Putting yourself in the shoes of Kveller readers, why do you think they turn to the Kveller community?
When my first daughter was born, I had a really hard time finding an online community I wanted to join. I was full of questions and hungry to find other women to connect with, but it was hard to find my people. I think ultimately Kveller readers are drawn to the website because they know they will find women who will listen, who are open, interested, and smart. Some women are drawn to Kveller specifically because it's Jewish, and for others it's simply a welcome addition. Kveller doesn't tell its readers how to parent or how to be Jewish; we let our writers share their experiences and take it from there.

When trying to build a community online, what are the biggest opportunities and challenges?
It can be a challenge to foster a respectful and supportive community online and I think accomplishing that is one of our biggest achievements at Kveller. When we started Kveller we made a conscientious choice not to allow pen names or anonymous comments on the site, so as to avoid a cruel and catty tenor to the conversation. As a result, I think we've really managed to create a community of women that come to the site to share ideas and opinions and to support one another.

Rabbi Andy Bachman, Congregation Beth Elohim
Building a vibrant local community in Park Slope

Senior Rabbi of Congregation Beth Elohim (CBE) in Park Slope, Brooklyn, Rabbi Andy Bachman is turning a 150-year-old institution into a relevant and thriving force in the Brooklyn community. With multiple facets to this inclusive community, including an independent prayer minyan as well as Brooklyn’s popular Brooklyn By The Book series , CBE has become known in the neighborhood as a hub for volunteering. Immediately following Hurricane Sandy, CBE was called upon by the Park Slope community to help make meals, and rose to the task, providing nearly 9,000 sandwiches and 1,400 hot meals in just the first week alone. Mayor Michael Bloomberg recognized CBE’s relief effort as a significant contribution to New York City’s recovery from Sandy. Inspired by the Sandy relief effort, CBE recognized the capacity of its community, and continues its work to feed the hungry in its local community.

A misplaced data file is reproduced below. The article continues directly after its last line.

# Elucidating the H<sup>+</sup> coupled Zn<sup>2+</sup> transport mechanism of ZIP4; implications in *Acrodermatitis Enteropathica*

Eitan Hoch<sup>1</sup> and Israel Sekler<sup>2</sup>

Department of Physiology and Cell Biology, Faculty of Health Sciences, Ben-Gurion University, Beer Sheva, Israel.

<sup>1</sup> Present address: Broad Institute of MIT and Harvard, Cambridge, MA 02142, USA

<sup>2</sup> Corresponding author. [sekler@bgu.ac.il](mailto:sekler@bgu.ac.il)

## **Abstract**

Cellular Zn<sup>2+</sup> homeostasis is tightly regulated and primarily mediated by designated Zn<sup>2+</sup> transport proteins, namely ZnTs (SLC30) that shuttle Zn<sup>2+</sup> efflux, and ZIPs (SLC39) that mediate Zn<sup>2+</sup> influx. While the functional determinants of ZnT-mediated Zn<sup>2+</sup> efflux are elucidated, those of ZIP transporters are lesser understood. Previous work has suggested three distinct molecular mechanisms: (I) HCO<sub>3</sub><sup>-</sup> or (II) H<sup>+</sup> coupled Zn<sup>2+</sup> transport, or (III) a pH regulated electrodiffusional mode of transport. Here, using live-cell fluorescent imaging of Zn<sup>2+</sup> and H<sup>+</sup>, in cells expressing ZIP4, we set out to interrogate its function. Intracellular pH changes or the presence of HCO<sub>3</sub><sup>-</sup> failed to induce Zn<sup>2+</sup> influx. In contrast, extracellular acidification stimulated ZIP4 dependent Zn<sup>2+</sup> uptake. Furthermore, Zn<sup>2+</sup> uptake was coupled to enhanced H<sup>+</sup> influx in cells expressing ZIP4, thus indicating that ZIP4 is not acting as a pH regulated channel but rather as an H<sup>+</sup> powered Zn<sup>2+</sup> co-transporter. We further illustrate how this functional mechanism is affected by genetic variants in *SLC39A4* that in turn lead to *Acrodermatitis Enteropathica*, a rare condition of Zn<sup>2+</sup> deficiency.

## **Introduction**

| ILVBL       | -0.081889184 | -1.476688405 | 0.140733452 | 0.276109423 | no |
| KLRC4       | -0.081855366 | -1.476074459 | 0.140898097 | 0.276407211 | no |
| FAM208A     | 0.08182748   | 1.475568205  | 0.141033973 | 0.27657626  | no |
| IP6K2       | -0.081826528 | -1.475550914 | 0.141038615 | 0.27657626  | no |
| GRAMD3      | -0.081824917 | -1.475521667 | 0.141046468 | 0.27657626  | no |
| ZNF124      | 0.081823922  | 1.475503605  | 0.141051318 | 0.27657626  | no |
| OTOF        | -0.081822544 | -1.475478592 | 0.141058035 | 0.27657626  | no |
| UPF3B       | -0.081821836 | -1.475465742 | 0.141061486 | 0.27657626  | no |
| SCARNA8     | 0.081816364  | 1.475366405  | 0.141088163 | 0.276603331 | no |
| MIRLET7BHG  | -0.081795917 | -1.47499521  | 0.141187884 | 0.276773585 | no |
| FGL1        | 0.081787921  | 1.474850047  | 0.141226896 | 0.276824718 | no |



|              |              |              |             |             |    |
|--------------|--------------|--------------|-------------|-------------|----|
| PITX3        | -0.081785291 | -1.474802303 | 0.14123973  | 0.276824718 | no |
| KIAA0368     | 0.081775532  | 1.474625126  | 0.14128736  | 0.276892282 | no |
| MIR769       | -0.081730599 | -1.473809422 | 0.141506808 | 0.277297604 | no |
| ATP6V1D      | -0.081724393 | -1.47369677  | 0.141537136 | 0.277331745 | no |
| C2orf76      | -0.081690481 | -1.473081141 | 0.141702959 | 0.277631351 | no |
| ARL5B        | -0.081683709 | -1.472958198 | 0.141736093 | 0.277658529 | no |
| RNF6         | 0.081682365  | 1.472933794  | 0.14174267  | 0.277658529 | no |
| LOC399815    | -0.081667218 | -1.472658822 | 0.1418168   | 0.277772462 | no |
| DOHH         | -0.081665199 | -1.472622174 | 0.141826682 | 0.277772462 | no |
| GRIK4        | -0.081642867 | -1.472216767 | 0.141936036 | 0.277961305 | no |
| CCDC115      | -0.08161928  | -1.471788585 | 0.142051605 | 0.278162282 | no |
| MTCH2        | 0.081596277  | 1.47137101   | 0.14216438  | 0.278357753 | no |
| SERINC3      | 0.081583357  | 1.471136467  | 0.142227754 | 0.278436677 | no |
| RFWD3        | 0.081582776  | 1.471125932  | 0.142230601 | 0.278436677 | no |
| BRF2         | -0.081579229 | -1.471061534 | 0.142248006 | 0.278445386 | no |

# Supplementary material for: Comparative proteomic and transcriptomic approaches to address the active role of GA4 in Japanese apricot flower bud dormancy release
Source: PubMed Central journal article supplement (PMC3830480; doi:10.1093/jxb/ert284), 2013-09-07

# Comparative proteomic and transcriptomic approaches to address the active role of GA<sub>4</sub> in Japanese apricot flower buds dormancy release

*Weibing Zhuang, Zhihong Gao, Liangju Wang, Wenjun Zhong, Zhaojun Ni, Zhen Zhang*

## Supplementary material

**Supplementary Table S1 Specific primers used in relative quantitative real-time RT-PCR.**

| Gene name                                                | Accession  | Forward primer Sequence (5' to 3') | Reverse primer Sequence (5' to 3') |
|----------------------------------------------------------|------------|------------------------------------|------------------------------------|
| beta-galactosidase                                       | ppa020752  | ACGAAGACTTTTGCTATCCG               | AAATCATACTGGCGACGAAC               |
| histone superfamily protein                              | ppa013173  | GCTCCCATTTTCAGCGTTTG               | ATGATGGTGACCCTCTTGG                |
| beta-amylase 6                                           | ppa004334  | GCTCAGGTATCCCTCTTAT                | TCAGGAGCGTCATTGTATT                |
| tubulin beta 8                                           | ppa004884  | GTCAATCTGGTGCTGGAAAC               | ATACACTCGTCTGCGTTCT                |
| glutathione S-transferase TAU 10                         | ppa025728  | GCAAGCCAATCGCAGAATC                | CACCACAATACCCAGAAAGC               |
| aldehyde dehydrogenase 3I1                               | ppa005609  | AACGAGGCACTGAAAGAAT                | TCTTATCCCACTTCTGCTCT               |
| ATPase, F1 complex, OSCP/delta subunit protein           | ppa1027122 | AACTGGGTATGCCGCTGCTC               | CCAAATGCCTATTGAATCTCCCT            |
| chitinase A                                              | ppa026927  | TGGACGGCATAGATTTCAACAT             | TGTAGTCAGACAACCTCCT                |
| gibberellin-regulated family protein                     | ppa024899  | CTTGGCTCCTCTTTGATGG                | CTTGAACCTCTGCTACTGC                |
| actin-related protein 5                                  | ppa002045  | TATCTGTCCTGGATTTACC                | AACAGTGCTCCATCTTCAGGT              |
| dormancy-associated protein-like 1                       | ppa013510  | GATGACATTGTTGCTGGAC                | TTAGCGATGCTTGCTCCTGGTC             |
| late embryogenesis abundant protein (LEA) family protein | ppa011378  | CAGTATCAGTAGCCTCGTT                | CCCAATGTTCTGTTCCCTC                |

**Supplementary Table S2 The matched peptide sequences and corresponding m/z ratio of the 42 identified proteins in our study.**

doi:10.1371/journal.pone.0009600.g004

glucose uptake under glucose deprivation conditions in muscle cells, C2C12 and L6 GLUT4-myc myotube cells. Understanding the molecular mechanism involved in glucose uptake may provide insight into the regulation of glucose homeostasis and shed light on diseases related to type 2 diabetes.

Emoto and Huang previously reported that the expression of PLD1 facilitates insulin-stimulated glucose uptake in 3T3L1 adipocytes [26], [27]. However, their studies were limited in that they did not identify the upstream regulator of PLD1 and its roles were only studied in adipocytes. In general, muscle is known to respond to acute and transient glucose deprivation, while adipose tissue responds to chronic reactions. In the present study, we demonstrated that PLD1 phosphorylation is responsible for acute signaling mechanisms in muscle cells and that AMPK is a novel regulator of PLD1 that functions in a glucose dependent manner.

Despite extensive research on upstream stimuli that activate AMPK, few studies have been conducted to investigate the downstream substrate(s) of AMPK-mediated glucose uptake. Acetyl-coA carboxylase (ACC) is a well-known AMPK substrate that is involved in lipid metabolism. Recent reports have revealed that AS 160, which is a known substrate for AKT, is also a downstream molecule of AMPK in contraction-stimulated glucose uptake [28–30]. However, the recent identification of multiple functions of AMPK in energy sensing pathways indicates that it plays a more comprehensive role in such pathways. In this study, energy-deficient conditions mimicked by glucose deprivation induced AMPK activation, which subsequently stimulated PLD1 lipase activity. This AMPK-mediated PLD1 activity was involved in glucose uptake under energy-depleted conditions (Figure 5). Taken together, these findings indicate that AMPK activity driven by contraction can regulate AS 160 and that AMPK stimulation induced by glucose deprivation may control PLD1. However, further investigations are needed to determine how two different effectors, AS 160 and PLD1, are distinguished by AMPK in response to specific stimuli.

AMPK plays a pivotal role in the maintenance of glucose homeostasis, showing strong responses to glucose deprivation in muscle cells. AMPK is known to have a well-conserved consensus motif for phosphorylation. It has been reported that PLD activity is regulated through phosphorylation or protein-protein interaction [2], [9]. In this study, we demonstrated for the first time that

When trying to build a new vibrant community from an old congregation, what are your biggest opportunities and challenges?
The synagogue is the oldest institution in Jewish civilization--our obligation to keep it relevant is the most critical task we face.  The biggest challenges in that endeavor have been three-fold.  One, there is the challenge of developing a culture of innovation and leadership that sees the synagogue as being at the forefront of both Jewish values for the internal community but also outreach for the unaffiliated who are seeking a strong and meaningful connection to Jewish life.  Two, while we are a Reform synagogue by movement affiliation and proudly uphold the progressive and enlightened values of our age, we are at core a pluralistic center for Jewish life and understand that denominationalism is no longer the key organizer of Jewish life.  And three, the absolute imperative that we live out, with integrity, a strong message of social justice and a vitally strong relationship with Israel are central to our mission.  I am happy to report that while each of these ideas are "challenges" we are a united community, pulling in one direction, and our growth and vibrancy are proof that with unity and vision, we can fulfill our goals of being a real center of Jewish life for Brooklyn.